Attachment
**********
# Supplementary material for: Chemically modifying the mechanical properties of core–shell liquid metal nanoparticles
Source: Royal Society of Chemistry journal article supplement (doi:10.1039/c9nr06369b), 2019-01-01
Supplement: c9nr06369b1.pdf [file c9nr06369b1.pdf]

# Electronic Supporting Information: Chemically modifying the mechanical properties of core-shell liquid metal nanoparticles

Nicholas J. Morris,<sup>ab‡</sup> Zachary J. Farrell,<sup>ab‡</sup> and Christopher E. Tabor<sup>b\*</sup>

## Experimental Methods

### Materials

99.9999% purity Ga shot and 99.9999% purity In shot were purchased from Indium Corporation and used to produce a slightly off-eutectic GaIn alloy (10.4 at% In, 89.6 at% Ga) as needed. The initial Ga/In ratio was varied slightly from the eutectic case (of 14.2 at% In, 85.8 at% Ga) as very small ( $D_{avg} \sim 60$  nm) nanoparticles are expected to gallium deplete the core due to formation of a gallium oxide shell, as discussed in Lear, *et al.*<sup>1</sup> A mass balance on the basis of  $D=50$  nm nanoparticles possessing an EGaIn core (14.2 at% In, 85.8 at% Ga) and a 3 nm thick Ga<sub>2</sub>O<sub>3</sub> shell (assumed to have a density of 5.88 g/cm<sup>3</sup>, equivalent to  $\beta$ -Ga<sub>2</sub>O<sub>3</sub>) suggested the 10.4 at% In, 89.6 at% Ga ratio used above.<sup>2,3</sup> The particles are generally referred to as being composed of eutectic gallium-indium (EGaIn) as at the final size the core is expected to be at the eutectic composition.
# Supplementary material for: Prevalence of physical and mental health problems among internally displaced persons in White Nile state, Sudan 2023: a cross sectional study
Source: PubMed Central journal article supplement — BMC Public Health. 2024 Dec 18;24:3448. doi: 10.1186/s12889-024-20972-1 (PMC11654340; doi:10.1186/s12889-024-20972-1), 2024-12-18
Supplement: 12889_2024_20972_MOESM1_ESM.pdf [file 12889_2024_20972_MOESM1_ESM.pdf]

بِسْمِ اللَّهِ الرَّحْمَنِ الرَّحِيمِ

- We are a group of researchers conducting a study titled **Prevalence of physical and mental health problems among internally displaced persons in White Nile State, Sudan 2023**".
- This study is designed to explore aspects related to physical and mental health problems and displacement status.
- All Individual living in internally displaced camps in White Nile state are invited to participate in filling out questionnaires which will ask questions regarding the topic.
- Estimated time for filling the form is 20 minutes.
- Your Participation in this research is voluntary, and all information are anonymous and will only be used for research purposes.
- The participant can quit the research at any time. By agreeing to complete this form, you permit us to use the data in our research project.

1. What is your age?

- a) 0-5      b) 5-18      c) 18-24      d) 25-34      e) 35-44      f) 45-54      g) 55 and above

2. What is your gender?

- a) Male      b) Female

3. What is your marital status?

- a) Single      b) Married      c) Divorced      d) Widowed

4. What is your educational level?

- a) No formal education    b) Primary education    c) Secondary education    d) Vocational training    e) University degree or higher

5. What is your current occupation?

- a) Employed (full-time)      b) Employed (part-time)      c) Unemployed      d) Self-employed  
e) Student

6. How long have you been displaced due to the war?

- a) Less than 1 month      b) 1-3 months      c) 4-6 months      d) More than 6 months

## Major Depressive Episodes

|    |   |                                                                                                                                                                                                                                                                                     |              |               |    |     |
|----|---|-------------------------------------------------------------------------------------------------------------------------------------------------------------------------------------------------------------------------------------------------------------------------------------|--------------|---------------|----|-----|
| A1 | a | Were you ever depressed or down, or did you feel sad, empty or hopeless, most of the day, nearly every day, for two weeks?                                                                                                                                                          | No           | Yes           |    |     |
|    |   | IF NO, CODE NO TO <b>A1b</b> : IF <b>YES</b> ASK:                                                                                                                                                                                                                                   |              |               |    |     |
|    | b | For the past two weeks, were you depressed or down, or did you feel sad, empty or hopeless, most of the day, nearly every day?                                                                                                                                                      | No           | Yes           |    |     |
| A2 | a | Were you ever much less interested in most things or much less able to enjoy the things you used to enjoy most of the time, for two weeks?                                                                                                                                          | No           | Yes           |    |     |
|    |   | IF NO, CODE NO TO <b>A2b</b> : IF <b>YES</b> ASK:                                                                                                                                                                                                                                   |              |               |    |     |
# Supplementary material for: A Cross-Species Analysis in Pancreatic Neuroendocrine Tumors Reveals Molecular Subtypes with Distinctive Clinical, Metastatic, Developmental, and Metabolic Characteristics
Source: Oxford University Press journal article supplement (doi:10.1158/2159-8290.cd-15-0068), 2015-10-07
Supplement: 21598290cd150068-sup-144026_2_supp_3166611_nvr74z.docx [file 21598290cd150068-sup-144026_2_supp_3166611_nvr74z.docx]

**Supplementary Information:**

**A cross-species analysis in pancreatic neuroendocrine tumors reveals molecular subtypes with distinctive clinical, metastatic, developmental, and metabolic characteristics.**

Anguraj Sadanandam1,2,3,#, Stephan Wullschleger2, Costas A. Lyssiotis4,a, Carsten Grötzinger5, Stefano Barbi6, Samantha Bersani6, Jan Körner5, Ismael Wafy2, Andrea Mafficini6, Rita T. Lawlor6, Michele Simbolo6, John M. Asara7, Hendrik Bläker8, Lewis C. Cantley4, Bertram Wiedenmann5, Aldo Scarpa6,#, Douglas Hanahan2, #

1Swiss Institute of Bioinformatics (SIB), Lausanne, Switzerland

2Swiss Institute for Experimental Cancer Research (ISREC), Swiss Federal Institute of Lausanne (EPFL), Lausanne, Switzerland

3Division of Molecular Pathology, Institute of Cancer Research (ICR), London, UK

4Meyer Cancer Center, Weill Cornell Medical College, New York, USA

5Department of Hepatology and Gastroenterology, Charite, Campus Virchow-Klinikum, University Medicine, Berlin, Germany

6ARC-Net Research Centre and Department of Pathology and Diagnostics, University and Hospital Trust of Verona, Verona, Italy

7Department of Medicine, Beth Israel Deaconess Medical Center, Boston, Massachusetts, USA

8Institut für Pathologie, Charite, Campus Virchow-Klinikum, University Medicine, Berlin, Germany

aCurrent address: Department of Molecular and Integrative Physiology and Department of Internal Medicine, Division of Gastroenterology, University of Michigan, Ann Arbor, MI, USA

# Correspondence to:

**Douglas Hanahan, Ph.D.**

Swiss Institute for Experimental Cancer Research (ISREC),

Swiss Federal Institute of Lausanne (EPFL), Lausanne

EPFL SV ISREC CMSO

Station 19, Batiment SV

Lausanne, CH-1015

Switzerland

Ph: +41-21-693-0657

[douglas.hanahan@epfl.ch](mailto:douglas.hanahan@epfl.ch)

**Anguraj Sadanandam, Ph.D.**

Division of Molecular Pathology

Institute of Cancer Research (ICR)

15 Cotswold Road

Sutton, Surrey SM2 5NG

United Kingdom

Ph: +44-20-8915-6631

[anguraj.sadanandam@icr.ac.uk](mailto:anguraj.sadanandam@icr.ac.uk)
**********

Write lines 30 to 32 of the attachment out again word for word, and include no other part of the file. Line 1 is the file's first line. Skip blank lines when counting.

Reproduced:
6. How long have you been displaced due to the war?

- a) Less than 1 month      b) 1-3 months      c) 4-6 months      d) More than 6 months

## Major Depressive Episodes